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Joint Precision Approach and Landing System

LAAS architecture, similar in concept to JPALS LDGPS fixed base category

The Joint Precision Approach and Landing System (JPALS) is a military, all-weather landing system based on real-time differential correction of the Global Positioning System (GPS) signal, augmented with a local area correction message, and transmitted to the user via secure means. The onboard receiver compares the current GPS-derived position with the local correction signal, deriving a highly accurate three-dimensional position capable of being used for all-weather approaches via an Instrument Landing System-style display. While JPALS is similar to Local Area Augmentation System, but intended primarily for use by the military, some elements of JPALS may eventually see their way into civilian use to help protect high-value civilian operations against unauthorized signal alteration.

Contents

1 History
2 Operation
3 Accuracy
4 Benefits
5 See also
6 References
7 External links

History[edit]

JPALS tactical prototype

The development of JPALS was a result of two main military requirements. First, the military needs an all-service, highly mobile all-weather precision approach system, tailorable to a wide range of environments, from shipboard use to rapid installation at makeshift airfields. Second, they need a robust system that can maintain a high level of reliability in combat operations, particularly in its ability to effectively resist jamming.
Operation[edit]
JPALS encompasses two main categories: SRGPS (Shipboard Relative GPS) and LDGPS (Land/Local Differential GPS). SRGPS provides highly accurate approach positioning for operations aboard ship, including aircraft carriers, helo and STO/VL carriers, and other shipboard operations, primarily helicopter operations.
LDGPS is further divided into three sub-categories: Fixed Base, Tactical, and Special Missions. Fixed Base is used for ongoing operations at military airfields around the world, while the Tactical system is portable, designed for relatively short-term, austere airfield operations. The Special Missions system is a highly portable system capable of rapid installation and use by Special Forces.
Accuracy[edit]
The accuracy of Local Area Augmentation System (LAAS) is better than CAT III ILS accuracy, and will provide horizontal and vertical resolutions of less than 1 m. Although the exact accuracy of JPALS will remain classified, it’s estimated that JPALS will meet or exceed this accuracy for authorized users.
B
소라넷

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Lublin railway station

Lublin Station

B

Location
Za Cukrownią, Lublin, Lublin Voivodeship
Poland

Owned by
Polskie Koleje Państwowe S.A.

Platforms
6

History

Opened
1877 (renovated 1996-2004)

Previous names
Lublin Główny

Railway lines in the area around Lublin. Lines marked in red and blue do not carry passenger traffic.

Lublin railway station (Polish Stacja Lublin) is the most important railway station in Lublin, Poland. It is sometimes referred to as Lublin Główny (Lublin Main), to distinguish it from two other (much smaller) stations located in Lublin. The main station building was opened in 1877, together with the Vistula River Railroad, which connected Warsaw with Kovel. At the time Lublin was in the Russian Empire as part of Congress Poland.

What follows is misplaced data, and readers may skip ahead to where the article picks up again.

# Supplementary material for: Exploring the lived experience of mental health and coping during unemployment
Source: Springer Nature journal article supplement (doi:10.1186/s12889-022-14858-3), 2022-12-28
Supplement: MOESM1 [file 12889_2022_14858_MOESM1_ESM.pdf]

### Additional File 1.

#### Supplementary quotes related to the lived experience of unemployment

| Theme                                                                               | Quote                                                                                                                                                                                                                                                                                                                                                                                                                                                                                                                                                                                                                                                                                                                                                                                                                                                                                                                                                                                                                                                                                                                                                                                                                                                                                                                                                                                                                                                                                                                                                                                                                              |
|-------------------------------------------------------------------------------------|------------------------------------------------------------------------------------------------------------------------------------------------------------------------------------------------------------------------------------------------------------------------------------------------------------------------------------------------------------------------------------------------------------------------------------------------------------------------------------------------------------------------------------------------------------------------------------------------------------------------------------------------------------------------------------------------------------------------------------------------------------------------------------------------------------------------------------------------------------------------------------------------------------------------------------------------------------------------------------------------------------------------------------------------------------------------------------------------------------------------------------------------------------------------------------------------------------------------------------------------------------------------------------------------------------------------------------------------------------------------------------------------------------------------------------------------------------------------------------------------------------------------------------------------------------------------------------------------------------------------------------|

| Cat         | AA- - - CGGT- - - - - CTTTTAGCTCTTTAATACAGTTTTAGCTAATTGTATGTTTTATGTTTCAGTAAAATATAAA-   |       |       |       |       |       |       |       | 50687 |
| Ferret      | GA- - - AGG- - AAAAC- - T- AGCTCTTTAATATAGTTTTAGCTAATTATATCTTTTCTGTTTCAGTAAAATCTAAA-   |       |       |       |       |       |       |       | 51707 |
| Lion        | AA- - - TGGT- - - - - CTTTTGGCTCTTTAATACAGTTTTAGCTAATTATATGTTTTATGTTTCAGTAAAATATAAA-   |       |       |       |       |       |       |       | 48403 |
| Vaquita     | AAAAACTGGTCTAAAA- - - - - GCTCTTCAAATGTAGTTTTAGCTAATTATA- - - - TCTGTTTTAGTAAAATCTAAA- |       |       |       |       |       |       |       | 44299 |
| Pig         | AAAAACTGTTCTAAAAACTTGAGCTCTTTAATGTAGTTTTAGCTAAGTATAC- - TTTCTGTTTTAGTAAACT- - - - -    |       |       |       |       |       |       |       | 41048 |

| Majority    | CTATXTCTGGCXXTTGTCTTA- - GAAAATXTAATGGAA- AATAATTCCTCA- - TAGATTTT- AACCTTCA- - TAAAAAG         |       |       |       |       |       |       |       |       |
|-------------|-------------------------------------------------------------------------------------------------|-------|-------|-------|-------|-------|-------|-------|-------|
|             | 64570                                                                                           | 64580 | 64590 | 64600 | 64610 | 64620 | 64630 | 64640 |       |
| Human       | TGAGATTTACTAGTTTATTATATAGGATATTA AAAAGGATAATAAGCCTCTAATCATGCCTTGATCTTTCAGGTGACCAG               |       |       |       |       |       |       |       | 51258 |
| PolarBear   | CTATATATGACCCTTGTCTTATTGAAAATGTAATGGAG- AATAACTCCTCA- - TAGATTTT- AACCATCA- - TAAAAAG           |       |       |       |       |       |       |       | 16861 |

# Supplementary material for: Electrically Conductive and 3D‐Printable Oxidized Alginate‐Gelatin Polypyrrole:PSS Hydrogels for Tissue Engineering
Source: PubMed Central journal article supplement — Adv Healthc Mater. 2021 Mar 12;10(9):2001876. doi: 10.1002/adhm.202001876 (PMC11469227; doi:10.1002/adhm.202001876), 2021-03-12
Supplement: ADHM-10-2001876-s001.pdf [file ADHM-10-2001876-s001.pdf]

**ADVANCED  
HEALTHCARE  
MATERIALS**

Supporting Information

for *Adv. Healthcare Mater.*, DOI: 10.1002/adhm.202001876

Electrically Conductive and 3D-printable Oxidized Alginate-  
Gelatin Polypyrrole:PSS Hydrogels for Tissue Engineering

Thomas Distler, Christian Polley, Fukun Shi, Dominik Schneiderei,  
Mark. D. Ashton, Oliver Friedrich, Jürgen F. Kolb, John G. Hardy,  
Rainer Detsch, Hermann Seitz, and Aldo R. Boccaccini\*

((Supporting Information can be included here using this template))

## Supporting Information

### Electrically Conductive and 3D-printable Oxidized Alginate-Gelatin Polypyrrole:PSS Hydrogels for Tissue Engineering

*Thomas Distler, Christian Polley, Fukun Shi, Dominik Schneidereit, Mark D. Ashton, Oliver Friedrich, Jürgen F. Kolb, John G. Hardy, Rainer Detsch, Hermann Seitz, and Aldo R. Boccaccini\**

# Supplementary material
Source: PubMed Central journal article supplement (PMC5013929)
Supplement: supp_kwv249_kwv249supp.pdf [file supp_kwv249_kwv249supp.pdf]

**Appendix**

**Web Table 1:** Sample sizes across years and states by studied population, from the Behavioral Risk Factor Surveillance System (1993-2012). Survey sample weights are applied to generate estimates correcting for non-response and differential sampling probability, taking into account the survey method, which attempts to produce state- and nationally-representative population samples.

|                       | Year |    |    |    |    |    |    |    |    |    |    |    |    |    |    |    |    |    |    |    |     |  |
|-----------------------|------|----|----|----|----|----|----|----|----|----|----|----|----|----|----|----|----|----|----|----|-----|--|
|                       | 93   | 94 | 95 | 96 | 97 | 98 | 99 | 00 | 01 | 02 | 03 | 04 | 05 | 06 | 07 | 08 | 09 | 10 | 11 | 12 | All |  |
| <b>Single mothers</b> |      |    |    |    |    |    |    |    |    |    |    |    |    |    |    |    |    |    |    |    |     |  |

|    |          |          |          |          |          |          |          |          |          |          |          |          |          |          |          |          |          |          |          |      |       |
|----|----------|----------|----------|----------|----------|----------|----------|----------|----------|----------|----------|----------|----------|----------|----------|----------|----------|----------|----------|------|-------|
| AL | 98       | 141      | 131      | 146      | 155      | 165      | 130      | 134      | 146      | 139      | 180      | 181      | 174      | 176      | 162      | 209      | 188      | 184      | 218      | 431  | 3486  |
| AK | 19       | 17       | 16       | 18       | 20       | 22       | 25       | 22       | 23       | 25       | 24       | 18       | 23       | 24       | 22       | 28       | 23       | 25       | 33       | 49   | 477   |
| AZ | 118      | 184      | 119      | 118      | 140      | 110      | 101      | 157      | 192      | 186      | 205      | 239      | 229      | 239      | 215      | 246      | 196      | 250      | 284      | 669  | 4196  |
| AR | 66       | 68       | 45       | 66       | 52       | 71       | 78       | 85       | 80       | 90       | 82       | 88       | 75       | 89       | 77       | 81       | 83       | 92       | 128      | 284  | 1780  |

The station serves trains running on the three significant passenger carrying lines radiating from Lublin: the line to Warsaw, the line to Chełm and the border with Ukraine, and the line to Przeworsk. It is one of the busiest stations in eastern Poland, with over 50 train departures on a typical day.
Following the recreation of Poland in 1918, the station building was reconstructed in the 1920s to give it a more Polish style,[1] as the original building looked like a typical station of the Russian Empire.[2] In recent years the station was completely refurbished. Because of this, it is now considered one of the best railway stations in Poland, according to Gazeta Wyborcza which gave it second place in the ranking of 23 most significant Polish railway stations.[3]
The station is linked by rail to the Lublin Airport.
In 2011 a modernisation of the line north of Lublin to Lubartów started. The 25 km single track section had its maximum speed upgraded to 120 km/h, from previous 30-60 km/h.[4] Once finished, passenger services were restored on it starting from April 2, 2013. [5]
References[edit]

^ Photo of station in the 1940s
^ Photo of the station as built
^ Gazeta Wyborcza 2008 ranking
^ Remont torów na odcinku Lublin Lubartów: Pojedziemy 120 km/h
^ Lubelskie: Modernizacja linii nr 30 będzie kontynuowana

External links[edit]

Media related to Main Train Station in Lublin at Wikimedia Commons

Coordinates: 51°13′54″N 22°34′07″E / 51.2316°N 22.5686°E / 51.2316; 22.5686

부천오피

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1978 European Athletics Championships – Women’s pentathlon

Events at the
1978 European
Athletics Championships

Track events

100 m
 
men
 
women

200 m

men

women

400 m

men

women

800 m

men

women

1500 m

men

women

3000 m

women

5000 m

men

10,000 m

men

100 m hurdles

women

110 m hurdles

men

400 m hurdles

men

women

3000 m
steeplechase

men

4×100 m relay

men

women

4×400 m relay

men

women

Road events

Marathon

men

20 km walk

men

50 km walk

men

Field events

High jump

men

women

Pole vault

men

Long jump

men

women

Triple jump

men

Shot put

men

women

Discus throw

men

women

Hammer throw

men

Javelin throw

men

women

Combined events

Pentathlon

women

Decathlon

men

This box:

view
talk
edit